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J&K Polls: How High Voter Turnout Takes a Hit on BJP’s Strategy in the Valley

The 38 percent turnout is huge for a constituency that has always sided with separatist-led boycott calls.

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The record voter turnout in the Srinagar Lok Sabha constituency (highest since 1996) is likely to complicate the Bharatiya Janata Party's (BJP) electoral strategy in Kashmir. The party appeared to have banked on low turnout considering that the fragmentation of the Valley’s political space will yield votes for new players (most of whom are accused of being BJP’s proxies) that have joined the fray.

Now, with the turnout finishing at 38 percent (in 2019, the turnout was 14.43 per cent), which is huge for a constituency that has historically sided with separatist-led boycott calls, it is likely that the very regional parties that the BJP wanted to keep at bay will emerge as victors. 

The Srinagar city looked completely deserted on 13 May, barring the occasional traffic. The voters were walking in twos and threes to the polling stations to cast their ballot. The Quint toured at least seven polling booths across different parts of Srinagar to gauge the public mood. 

The common refrain of the voters was centred around themes like unemployment, a hike in the electricity tariff, inflation, and drug addiction. Interestingly, no voter seemed inclined to talk about Article 370. Many did mention that they wanted to elect a candidate who was committed to protecting their “identity, jobs, and land.” 
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What Do the Voters Want?

At the prestigious Burn Hall School in Srinagar which housed at least three polling stations, young voters said it was the chronic joblessness in the Valley that had brought them to the booths. 

"I am an engineering graduate and still unemployed because there are no jobs here,” said Uzair Ahmed, a first-time voter. 

His friend, Talib Shafi, who had also turned up to vote for the first time said he wanted the elected candidates to fix the infrastructure in their area. "Last month, a boat capsized here causing many deaths. We don’t even have a bridge for that area,” Shafi said. 

At the voting booth inside MPML Higher Secondary School near Srinagar’s downtown area, voters shared their anguish with the Lt Governor’s administration, accusing it of being apathetic to them.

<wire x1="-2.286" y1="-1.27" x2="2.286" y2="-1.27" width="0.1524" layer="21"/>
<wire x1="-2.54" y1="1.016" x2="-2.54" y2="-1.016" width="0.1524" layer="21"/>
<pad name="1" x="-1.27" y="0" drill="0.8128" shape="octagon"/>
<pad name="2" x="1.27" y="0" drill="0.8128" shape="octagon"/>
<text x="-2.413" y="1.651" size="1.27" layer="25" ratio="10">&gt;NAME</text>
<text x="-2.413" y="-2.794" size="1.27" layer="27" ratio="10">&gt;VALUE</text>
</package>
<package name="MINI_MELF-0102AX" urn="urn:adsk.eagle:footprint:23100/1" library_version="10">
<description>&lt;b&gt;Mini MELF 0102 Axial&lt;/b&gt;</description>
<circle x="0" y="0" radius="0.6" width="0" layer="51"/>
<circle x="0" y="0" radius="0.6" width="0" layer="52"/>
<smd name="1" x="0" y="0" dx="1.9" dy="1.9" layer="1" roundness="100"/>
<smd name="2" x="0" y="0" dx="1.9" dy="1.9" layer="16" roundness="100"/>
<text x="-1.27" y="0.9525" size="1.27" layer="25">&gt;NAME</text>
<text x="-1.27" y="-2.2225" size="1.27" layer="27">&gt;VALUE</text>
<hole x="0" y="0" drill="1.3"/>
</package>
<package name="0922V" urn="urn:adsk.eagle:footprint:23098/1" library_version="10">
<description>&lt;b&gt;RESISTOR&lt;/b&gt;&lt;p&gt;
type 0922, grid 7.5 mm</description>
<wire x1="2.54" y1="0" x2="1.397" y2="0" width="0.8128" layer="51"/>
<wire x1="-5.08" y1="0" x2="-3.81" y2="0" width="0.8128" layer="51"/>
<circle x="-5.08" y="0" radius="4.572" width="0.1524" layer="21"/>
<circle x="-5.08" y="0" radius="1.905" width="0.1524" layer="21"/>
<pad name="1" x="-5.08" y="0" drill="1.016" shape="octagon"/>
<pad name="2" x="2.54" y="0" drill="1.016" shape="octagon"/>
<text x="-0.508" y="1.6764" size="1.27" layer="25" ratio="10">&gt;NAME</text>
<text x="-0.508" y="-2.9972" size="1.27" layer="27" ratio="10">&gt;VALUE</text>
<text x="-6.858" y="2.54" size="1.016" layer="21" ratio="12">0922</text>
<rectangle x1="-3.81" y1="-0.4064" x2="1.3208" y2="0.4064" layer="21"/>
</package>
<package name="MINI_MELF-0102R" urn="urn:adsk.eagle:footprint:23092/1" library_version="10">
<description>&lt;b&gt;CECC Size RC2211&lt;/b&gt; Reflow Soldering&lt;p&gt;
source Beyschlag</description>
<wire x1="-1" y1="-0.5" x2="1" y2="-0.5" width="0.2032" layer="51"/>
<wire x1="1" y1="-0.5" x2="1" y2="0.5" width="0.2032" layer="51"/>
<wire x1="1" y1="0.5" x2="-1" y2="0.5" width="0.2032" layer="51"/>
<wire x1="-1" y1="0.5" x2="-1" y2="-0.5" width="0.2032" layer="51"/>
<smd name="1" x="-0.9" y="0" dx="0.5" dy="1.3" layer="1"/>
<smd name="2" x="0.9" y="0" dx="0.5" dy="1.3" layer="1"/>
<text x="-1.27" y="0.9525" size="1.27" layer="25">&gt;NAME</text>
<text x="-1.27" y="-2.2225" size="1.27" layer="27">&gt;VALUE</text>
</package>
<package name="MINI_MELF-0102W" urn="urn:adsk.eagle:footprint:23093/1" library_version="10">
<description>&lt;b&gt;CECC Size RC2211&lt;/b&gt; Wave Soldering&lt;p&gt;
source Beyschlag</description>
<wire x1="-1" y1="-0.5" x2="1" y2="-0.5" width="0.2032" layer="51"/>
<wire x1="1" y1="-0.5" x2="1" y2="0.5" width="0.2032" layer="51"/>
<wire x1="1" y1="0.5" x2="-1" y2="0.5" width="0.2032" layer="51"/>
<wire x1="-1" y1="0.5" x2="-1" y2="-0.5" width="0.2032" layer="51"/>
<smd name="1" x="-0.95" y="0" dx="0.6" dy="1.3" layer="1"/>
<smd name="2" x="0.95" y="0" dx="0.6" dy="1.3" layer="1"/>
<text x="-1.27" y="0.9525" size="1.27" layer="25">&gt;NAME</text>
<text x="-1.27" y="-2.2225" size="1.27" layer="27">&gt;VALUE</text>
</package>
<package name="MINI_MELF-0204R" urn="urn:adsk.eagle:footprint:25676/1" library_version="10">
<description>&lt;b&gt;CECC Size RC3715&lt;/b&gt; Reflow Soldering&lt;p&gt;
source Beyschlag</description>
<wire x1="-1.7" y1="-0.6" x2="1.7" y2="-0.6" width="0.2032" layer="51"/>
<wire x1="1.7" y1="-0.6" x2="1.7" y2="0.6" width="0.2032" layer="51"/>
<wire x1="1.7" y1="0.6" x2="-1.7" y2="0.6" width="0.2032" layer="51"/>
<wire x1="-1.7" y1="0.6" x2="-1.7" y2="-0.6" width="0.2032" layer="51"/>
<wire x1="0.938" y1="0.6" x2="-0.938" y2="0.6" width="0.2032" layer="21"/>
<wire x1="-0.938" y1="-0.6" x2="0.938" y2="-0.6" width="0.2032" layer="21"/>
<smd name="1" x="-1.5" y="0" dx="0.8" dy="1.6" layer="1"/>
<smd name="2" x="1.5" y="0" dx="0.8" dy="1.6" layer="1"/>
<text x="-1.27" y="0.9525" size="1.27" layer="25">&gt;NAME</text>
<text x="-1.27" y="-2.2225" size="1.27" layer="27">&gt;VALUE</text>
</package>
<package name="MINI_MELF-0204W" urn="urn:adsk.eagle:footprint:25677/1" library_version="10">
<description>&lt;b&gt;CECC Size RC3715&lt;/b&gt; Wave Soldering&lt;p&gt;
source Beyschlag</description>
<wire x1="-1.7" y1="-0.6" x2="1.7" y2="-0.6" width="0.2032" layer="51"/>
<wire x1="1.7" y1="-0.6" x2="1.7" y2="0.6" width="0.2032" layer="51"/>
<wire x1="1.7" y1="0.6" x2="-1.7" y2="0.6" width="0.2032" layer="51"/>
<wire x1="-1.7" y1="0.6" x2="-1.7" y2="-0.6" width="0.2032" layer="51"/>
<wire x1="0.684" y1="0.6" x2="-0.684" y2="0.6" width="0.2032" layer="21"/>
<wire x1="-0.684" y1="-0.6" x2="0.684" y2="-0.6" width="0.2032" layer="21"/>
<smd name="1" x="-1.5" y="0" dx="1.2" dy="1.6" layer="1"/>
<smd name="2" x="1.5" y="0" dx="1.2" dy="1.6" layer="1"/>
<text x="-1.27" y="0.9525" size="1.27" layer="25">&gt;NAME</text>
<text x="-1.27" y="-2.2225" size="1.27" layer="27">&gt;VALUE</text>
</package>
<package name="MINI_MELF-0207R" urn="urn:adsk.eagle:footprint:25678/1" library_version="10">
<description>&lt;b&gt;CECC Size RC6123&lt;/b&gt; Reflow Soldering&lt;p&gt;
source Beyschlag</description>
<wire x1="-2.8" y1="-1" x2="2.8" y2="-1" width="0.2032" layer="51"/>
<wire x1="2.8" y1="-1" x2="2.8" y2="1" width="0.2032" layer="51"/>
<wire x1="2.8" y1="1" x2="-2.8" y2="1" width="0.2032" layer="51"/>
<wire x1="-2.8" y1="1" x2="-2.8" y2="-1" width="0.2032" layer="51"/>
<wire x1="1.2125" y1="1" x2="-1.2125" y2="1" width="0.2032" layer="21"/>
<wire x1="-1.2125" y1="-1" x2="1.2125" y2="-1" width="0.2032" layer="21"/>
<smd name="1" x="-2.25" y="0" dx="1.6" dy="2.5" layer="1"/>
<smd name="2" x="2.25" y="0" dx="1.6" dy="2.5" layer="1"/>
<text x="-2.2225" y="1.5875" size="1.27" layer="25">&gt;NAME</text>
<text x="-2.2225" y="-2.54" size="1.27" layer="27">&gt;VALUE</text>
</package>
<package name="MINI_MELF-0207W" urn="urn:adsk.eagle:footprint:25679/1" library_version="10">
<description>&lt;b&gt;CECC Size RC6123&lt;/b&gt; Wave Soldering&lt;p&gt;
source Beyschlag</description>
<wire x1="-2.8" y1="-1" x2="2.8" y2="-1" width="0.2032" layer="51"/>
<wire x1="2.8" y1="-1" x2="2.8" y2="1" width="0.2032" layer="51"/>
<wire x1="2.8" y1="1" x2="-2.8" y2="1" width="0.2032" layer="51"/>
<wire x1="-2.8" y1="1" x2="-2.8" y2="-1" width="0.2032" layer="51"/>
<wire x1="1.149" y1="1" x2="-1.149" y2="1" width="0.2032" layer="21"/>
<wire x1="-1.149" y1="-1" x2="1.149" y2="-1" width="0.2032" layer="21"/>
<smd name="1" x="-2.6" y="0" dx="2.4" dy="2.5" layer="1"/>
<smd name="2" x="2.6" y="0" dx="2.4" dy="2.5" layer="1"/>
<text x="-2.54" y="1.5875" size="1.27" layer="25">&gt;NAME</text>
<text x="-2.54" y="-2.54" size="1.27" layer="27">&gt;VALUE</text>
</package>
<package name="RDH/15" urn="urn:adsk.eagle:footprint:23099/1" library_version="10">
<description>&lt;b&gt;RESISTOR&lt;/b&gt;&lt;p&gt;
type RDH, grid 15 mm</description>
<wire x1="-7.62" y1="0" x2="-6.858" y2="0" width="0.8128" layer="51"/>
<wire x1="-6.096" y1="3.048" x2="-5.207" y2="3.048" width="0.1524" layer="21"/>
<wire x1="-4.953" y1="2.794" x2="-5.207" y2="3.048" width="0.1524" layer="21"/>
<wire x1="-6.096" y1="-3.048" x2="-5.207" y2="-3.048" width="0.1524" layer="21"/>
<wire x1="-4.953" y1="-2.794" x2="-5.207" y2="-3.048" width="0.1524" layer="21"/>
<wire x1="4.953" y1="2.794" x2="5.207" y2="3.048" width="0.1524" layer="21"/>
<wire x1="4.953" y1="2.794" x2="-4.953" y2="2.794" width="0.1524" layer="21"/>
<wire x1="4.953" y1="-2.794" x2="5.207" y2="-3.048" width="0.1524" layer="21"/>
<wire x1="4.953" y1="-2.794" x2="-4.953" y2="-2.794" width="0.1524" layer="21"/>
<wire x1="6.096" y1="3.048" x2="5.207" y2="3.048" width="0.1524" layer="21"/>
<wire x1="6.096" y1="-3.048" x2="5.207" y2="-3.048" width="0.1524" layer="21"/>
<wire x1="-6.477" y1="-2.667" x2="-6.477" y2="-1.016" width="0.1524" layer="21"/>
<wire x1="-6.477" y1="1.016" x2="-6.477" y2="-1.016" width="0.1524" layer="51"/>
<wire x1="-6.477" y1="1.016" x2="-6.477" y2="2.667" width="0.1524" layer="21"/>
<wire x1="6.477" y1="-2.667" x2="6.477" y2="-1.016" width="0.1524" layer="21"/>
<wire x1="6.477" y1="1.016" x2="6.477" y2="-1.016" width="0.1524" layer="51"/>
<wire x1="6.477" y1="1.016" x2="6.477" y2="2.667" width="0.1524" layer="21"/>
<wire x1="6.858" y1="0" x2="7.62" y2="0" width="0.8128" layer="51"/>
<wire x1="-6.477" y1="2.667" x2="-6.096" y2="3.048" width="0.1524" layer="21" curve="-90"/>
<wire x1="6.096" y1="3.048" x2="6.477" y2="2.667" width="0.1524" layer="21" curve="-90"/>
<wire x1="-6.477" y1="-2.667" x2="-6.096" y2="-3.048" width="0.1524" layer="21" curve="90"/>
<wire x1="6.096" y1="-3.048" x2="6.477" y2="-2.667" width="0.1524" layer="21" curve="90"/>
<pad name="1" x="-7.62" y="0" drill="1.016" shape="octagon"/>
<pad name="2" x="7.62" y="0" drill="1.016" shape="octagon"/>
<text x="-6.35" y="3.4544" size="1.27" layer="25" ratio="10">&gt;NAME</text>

"Look behind us,” said Muhammad Rafiq, a 50-year-old voter, pointing towards a power station. "We approached a senior engineer here multiple times requesting her to slash our tariffs. Electricity is becoming expensive. It is beyond our budget. But she was curt and disrespectful, and threatened to snap our connections.”

The men said that they wanted to bypass the "callous” officialdom and make the elected representatives accountable for their needs.
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A 'Larger' Political Resolution

At the Islamia Higher Secondary School in Gojwara, a locality where the political sway of Hurriyat leader Mirwaiz Umar Farooq extends, the voting booths saw less footfall. 

On asking a group of local residents sitting on shopfronts why they hadn’t voted, this reporter drew flak. "It is unfortunate that some people have decided to disrespect the blood of those killed in the conflict,” one angry resident said. 

Others joined him, arguing that this region was still awaiting a larger political resolution, the revocation of Article 370 notwithstanding. “If anyone promises to work for that, then we will vote,” another resident added. 

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Parties Allege 1987 Redux

A day before the voting, the city was edged with excitement amid large-scale poll preparations. In Srinagar’s downtown area, women spoke about defying the convention of the boycott by going out to vote wearing a burka

However, the unusually upbeat political mood turned grim after candidates from prominent regional parties such as the National Conference (NC) and the People’s Democratic Party (PDP) levelled allegations that their polling agents were being detained arbitrarily by the police.